Why Game of Thrones Has Lady Problems and Why it Stings Especially Hard Right Now

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[Jon Snow] “It’s her decision, she’s our queen.”

[Varys] “MEN decide where power resides, whether or not they know it.”

This quote from the penultimate episode of Game of Thrones (Season 5, Episode 8) broke my heart like so much dragon glass.

My imagined structure of this whole universe – one where a long, thoughtful storytelling arc reveals the eventual Breaking of the Wheel resulting in women, slaves, and others from the fringes of society ruling justly and powerfully – was just that: IMAGINED.

It’s not just the fact that Dany went bananas, and it doesn’t matter if her fiery holocaust on King’s Landing was earned or not. The problem is that right now, in this moment, we’re seeing a woman who had experience leading people, who had beauty and smarts and had made it through hardship that would fell a lesser person, descend into hysterics.

She is, ultimately, ruled by her emotions. And worse, she can’t be trusted.

When the giant’s milk hits the fan, the world needs men, as Verys tells us in his oh-so-unsubtle way.

It’s sloppy and lazy writing, as many have pointed out, but it’s also dangerously echoing messages women are hearing right now on the national stage:

Women can’t be trusted with their own bodies, so the government must regulate them. Women can’t be trusted with leadership, so the media should ignore them. Women can’t be trusted with power, so they must be coined “crooked” over and over, even years after they’ve left the national stage.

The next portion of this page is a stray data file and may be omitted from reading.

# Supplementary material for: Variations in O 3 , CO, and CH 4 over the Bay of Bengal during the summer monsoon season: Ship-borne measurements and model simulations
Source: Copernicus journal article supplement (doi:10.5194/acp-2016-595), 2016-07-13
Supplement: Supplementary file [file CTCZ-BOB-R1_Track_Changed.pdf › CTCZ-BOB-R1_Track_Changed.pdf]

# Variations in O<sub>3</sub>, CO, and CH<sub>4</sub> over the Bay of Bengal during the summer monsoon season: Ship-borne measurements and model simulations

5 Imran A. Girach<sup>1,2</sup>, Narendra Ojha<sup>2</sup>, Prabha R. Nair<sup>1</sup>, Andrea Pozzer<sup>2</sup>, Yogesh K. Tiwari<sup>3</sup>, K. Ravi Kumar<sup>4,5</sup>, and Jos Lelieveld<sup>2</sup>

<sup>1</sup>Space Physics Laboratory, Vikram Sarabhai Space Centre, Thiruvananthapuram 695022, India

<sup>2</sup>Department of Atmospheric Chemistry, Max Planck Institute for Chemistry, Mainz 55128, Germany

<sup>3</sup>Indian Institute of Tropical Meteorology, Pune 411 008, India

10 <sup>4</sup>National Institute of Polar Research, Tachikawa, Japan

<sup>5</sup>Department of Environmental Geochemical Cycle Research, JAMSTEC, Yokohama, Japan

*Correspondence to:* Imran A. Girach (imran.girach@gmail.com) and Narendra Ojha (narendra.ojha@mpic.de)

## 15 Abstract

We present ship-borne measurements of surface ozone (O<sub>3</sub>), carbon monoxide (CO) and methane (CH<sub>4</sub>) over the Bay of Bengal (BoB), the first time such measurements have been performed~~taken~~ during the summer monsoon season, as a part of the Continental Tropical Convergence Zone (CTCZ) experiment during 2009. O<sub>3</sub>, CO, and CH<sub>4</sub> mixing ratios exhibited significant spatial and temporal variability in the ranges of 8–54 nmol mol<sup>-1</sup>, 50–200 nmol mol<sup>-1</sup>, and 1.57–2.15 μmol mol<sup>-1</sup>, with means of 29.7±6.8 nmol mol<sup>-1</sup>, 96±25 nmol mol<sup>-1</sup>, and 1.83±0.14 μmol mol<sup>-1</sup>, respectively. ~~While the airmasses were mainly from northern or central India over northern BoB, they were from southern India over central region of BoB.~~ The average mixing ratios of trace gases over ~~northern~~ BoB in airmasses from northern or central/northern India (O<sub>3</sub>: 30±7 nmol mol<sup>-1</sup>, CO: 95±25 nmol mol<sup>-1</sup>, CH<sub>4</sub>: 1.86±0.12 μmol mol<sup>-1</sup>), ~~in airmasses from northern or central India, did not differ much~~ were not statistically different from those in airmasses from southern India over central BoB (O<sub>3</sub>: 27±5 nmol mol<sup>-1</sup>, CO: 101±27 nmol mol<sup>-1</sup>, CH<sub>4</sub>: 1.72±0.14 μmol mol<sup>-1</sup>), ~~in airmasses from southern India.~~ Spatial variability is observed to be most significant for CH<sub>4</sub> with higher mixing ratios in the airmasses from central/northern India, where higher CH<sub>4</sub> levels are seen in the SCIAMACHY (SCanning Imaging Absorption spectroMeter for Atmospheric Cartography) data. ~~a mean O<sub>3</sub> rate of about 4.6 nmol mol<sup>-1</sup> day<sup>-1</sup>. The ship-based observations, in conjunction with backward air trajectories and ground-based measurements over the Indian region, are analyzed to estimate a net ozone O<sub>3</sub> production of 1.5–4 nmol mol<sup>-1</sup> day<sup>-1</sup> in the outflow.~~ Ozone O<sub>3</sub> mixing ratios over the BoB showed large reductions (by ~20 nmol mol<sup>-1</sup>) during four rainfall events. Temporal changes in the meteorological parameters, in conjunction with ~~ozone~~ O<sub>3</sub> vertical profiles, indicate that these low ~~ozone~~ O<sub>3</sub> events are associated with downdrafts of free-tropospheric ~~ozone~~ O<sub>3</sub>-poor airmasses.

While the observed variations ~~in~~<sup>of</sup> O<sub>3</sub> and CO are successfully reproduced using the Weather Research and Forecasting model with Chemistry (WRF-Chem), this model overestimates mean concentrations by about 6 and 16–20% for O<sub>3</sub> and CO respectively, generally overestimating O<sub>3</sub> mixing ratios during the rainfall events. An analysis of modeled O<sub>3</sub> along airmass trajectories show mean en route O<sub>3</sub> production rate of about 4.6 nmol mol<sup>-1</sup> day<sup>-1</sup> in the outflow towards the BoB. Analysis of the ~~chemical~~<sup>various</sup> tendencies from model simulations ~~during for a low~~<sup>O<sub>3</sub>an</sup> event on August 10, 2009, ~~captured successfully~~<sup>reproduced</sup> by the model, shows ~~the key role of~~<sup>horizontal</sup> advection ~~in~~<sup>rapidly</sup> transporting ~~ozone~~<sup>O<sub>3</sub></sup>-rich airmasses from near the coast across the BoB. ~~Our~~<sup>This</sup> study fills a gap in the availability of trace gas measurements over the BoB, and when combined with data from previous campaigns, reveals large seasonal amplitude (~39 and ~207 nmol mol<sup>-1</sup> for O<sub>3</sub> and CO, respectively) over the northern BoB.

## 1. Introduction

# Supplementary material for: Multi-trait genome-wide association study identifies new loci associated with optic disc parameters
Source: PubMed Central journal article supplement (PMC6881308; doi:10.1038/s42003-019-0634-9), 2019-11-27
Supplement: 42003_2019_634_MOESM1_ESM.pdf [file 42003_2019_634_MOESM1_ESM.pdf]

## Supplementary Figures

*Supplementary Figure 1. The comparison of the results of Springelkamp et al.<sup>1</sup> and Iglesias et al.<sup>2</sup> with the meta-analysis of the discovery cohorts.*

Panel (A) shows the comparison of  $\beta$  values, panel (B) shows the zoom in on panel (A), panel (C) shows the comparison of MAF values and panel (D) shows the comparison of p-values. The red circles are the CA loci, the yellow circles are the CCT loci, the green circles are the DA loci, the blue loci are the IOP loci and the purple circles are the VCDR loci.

That GOT would suddenly be in league with, and not anathema to, these messages smarts for myriad reasons, not least because there was a moment when this show was seemingly all about the women – them taking back power, breaking their chains, saying heck no to the “way things were done.”

You may have hated Cerci, but damn she was large and in charge.

Now, these same women are emotional and hysterical. Just look at Sir Brianne of Tarth who has honor and nobility and can fight anyone to the death, but who is reduced to sobbing because of a boy. Cerci whimpers into the shirt of that same boy as she’s being crushed.

Because as it turns out, the show was never about ANY woman (or, heck, any marginalized person) having power.

What feels like whiplash is just another day in the patriarchy.

The books were written by a white dude, the show was written and produced by white dudes, and I feel foolish for ever hoping that these people were woke enough to put NOT A WHITE DUDE on the throne. But that’s exactly what will happen.

A book that was all about Breaking the Wheel has perpetuated that same wheel by reinforcing messages that keep women hysterical, emotional, and ultimately far away from achieving any real power.

Shame, GOT. Shame.

Photo credits: HBO

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One Comment

  1. Dani came from a family with inbreeding and mental illness. Cerci was pregnant….just lost all the power she had fought so hard to hold onto…….and was about to die. Sir Brianne loved Jamie and it was obvious way before they finally hooked up. He was also the first man she trusted to have sex with. I feel like each of these women had a pretty good reason to feel a little emotional. Does that mean they are weak? I don’t see that at all. It showed they were all human.

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